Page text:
Today since the sun was hot; our class captain bought a case of mountain dew for us. Some of the guys were playing Kabaddi which looks like a mixture of tag and judo and red rover. As we were sitting doing the dew, one of the guys starting chucking glass bottles around and that ensued into a kind of game where someone would stand and toss a glass bottle at someone but I few feet beside them so that they had to dive soccer goalie fashion in order to catch the bottle in mid air, luckily none of the bottles broke. This went on for some time amongst tons of giggles, some one took pictures with their camera phone and the bottle divers reveled in laughter as they saw pictures of themselves. I do appreciate the seemingly small things that my classmates do to have fun. I would have never thought that the throwing glass bottles could be fun. I wouldn’t even contemplate it but it created a relaxed atmosphere and we had a great time.

Once while cleaning the temple a few weeks back, an impromptu concert on the temple’s right side veranda was formed with Ladakhi and Hindi songs galore. After each songs, the guys would yell, “Wah Wah, Kya baat Kya baat”, which is Hindi for wow wow how magnificent! They even convinced me to rap, though I cannot rap for shit, I busted out an old 90’s A Tribe called Quest favorite of mine. They have no clue who “Tribe” is but it brought smiles to their faces.

Today towards the end of our grass cutting session, a debate developed, not a dialectical one, but one about an essay written by Takbum that said some pretty critical things about behavior of monks in general. From Takbum’s perspective it was not aimed at all monks or to the monks in our class. But some of the monks took issue with it, for one, it was written by a layperson who does not know how it is to be a monk and that since many people will read it, it then presents an incorrect picture of monkhood. It was quite a hot debate. No foot stomping and handclapping in this one but with the same intensity and maybe more so than our normal dialectical debate. The idea of finding contradictions in ones assertions was still in place though. It was interesting to me to see this interaction. Takbum has been in this spot before I have notice several times, he is not afraid to say what he thinks which I admire, but it can be viewed as being insensitive to the ones around you. Especially when you are with monks, who just as equally as laypeople don’t comprehend the monastic life, do they comprehend the lay life.

Tomorrow is Teacher’s Day; our class brought our Gen la chair that he wanted. We’ll present it to him on Monday. Teacher’s Day is a holiday either started by or started to show respects to the great Indian scholar and the second president of India Sarvepalli Radhakrishnan. Teacher’s Day means, honoring ones teacher as ones mentor and guide in life and learning. This kind of respect towards one’s teacher was quite unfamiliar to me until I came to India and to Sarah in particular. One is always showing respect to that person who is imparting their knowledge onto you. From elementary school on through higher education, in India the teacher is well respected. Quite the opposite to what I knew in Brooklyn where in 7th grade homeroom, we were such hellions that we loved getting our short tempered homeroom teacher all riled up to the point to where he would pull at his hair red in anger smashing books on the desk and throwing erasers and chalk at us. We of course just dodged the projectiles laughingly making him even more infuriated. We got a kick out of it, but now years later with seeing how it is done here I reflected about my relations with my teachers in the pass. In college it was different of course, I did and I do have lot of respect for my teachers but it is not like here. Here, when one’s teacher enters the classroom for example, the whole class stands up and sits down after the teacher has seated. That was something I had to get used to when I was in Tsamjor. In the philosophy class we stand up and prostrate three times after Gen la has taken his seat and three times at the end of class before he leaves the classroom.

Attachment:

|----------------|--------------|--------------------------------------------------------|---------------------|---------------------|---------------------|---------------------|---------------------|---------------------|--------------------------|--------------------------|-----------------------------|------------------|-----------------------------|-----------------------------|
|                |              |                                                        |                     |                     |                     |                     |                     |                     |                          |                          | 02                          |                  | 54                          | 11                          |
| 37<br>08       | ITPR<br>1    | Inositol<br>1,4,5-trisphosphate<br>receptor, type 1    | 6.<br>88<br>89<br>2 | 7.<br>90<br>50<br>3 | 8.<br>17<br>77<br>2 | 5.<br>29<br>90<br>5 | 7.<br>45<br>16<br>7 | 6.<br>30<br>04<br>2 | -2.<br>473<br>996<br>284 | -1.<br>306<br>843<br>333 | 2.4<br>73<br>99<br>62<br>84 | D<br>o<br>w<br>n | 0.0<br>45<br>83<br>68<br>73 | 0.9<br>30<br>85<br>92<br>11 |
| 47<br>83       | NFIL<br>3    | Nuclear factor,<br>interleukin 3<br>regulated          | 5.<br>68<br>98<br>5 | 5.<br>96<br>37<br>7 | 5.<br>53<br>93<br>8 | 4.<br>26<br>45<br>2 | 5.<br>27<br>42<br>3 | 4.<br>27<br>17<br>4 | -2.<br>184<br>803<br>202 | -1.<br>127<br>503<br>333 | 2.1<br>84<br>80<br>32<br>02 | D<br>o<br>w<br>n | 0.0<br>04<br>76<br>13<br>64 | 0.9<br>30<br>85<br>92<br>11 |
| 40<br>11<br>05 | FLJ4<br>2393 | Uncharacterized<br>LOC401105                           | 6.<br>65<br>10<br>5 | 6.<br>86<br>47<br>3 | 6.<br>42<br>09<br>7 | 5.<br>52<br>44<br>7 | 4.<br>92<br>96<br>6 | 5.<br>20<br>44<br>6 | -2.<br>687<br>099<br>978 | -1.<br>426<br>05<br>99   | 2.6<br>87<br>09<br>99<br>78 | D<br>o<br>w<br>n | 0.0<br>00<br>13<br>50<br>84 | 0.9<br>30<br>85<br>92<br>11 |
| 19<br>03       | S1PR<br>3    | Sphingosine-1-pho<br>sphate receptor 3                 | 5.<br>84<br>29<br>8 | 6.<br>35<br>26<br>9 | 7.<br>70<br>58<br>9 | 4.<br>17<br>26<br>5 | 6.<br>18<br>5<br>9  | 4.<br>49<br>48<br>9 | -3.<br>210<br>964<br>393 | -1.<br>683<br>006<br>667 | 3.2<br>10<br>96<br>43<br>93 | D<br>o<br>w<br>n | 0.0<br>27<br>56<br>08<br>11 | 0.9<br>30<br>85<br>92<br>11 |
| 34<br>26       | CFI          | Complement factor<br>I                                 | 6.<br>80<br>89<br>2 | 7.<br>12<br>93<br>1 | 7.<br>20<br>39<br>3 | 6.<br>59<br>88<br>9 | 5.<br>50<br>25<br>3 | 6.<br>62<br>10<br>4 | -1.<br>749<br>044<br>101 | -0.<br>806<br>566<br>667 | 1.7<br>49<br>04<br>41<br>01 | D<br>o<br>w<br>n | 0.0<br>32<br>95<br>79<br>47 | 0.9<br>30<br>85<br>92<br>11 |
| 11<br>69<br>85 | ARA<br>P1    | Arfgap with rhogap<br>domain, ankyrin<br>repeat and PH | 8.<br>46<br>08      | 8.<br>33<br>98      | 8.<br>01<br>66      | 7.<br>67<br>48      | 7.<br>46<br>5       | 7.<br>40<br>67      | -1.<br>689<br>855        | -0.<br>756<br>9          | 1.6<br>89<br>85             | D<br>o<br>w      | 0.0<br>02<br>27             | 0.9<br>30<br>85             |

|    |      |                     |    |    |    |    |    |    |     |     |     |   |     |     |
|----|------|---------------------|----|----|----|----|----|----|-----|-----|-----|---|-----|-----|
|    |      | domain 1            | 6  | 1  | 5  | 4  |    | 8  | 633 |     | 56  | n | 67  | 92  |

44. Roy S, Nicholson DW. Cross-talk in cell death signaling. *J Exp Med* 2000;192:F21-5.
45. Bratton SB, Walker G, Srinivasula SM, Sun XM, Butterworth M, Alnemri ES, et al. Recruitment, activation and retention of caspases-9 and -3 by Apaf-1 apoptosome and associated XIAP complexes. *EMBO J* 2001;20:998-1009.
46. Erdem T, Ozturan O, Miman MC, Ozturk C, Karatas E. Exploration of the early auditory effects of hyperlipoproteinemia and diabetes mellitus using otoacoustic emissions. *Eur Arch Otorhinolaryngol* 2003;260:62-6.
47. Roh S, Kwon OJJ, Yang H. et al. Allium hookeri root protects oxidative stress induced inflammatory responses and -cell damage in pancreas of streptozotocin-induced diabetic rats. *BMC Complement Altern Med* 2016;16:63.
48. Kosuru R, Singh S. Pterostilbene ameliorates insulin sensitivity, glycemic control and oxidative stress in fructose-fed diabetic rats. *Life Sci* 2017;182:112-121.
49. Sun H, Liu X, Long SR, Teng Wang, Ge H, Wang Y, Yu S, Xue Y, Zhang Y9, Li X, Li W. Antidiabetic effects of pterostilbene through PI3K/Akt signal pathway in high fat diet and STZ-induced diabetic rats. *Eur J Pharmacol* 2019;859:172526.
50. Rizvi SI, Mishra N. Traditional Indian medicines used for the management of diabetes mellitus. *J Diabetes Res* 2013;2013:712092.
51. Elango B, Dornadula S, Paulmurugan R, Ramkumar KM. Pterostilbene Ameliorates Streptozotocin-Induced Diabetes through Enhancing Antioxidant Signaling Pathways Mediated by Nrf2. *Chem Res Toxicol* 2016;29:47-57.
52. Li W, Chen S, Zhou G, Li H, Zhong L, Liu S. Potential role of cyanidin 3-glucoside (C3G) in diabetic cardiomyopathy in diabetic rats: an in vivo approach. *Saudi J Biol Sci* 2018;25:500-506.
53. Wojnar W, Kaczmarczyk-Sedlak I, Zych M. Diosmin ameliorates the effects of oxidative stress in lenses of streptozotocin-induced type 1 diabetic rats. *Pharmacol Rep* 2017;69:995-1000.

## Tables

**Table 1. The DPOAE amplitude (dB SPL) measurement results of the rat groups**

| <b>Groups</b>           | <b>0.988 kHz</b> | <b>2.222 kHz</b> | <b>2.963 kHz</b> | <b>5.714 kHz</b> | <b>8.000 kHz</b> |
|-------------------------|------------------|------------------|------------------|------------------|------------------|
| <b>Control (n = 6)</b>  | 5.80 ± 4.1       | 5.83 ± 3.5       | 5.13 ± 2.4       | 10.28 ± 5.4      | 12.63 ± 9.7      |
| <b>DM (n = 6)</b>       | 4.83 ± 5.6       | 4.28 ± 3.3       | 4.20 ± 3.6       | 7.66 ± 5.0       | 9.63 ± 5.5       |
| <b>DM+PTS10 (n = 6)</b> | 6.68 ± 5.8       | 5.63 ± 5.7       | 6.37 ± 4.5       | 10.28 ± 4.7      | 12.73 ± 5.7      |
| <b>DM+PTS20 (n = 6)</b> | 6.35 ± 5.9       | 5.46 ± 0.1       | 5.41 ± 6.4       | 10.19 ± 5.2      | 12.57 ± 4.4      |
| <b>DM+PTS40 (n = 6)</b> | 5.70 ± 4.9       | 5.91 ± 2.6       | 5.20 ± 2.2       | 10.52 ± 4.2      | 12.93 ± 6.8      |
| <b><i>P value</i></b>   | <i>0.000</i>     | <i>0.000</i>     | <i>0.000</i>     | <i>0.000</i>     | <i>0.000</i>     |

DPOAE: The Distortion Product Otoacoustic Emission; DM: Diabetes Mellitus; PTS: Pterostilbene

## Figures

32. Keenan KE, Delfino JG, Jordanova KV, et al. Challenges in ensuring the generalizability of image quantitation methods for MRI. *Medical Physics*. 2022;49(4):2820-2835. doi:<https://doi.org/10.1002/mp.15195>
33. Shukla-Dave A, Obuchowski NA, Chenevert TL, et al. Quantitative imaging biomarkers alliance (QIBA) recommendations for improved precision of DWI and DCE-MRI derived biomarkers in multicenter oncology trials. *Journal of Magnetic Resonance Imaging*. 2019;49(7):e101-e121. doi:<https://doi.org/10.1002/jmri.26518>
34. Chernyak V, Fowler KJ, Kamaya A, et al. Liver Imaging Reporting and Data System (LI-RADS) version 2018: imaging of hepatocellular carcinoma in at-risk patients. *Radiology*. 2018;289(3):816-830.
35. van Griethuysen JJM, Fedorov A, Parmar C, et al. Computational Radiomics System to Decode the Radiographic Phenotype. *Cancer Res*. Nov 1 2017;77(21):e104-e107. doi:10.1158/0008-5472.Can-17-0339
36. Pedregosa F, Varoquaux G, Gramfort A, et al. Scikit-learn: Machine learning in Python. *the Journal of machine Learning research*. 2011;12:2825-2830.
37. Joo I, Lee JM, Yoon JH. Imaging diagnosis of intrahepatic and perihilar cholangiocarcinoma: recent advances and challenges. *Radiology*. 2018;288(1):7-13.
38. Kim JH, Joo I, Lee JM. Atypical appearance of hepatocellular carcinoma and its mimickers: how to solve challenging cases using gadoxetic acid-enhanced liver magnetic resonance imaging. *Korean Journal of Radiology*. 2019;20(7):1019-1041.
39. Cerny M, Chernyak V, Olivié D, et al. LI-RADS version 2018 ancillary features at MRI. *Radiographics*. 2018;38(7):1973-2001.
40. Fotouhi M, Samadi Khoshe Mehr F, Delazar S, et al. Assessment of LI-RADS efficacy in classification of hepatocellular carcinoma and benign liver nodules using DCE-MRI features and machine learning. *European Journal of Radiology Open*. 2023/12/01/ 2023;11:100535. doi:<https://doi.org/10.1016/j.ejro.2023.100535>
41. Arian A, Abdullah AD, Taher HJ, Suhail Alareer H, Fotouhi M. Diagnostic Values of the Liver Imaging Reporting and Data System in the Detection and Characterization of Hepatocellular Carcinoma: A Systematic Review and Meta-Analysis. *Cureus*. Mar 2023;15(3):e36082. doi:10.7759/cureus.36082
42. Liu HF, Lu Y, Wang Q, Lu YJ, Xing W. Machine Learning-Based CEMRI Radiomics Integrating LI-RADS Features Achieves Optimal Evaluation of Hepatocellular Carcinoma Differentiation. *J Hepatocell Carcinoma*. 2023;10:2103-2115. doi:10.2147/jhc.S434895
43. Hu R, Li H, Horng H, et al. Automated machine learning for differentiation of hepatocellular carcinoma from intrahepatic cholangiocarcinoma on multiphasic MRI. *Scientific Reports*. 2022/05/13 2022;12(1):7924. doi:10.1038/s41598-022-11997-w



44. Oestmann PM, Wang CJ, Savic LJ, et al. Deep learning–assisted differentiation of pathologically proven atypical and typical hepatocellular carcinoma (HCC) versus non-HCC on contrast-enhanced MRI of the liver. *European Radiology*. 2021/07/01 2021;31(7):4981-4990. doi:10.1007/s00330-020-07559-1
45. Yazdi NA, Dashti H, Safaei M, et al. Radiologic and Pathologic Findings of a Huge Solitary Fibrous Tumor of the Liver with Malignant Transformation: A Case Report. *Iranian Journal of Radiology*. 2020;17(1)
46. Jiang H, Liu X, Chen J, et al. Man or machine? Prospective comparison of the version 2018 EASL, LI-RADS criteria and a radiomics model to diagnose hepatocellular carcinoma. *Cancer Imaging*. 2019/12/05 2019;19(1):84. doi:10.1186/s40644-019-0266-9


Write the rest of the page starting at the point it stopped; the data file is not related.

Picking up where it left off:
Remembering my two years in Tsamjor, on Teacher’s Day the students will present to each teacher a gift. Also snacks, games, poetry and songs are arranged by the students. I remember my first year in Tsamjor, the students made a game that involved a bunch of pieces of paper all balled up in a receptacle and the students had to take a balled up piece of paper, open it and do whatever it said to do on the paper if they were that brave that is. One of these pieces of papers that a Khampa monk picked up stated that he had to dance with me and so I got up, the monk was doubled over in laughter at the thought of the future dance with me and I grabbed his hand got funky with the monk. The whole class, teacher included was laughing so hard that I saw tears rolling down everyone’s face after we were done. Since this is my first year in the philosophy course a.k.a Nang don rig pa, I will see how it goes.

Tomorrow the Kalon Tripa (Tibetan-in-Exile Prime Minister) Samdhong Rinpoche will be speaking at Sarah to inaugurate a new Advanced Hindi Teachers Training program for handful of monastics (Himalayan by the looks of it) who will be staying at Sarah for a month and a half. I heard that there might other activities as well. Because the Miami University students have arrived there will be a welcoming concert for them Sunday night. As for the Kalon Tripa, this is his last year and there seems to be a hot race for the next democratic leader of Tibetan exile. A huge voting and political awareness program is happening, posters are posted and talks are happening about voter registration and rights etc. It seems that this voting session will be extremely important for Tibetan exile and the appearance of a modern form of politics seems to be appearing as well. I look forward to hearing the current Kalon Tripa speak; I have heard him speak once before it might have been last year but anyways I appreciated what he had to say.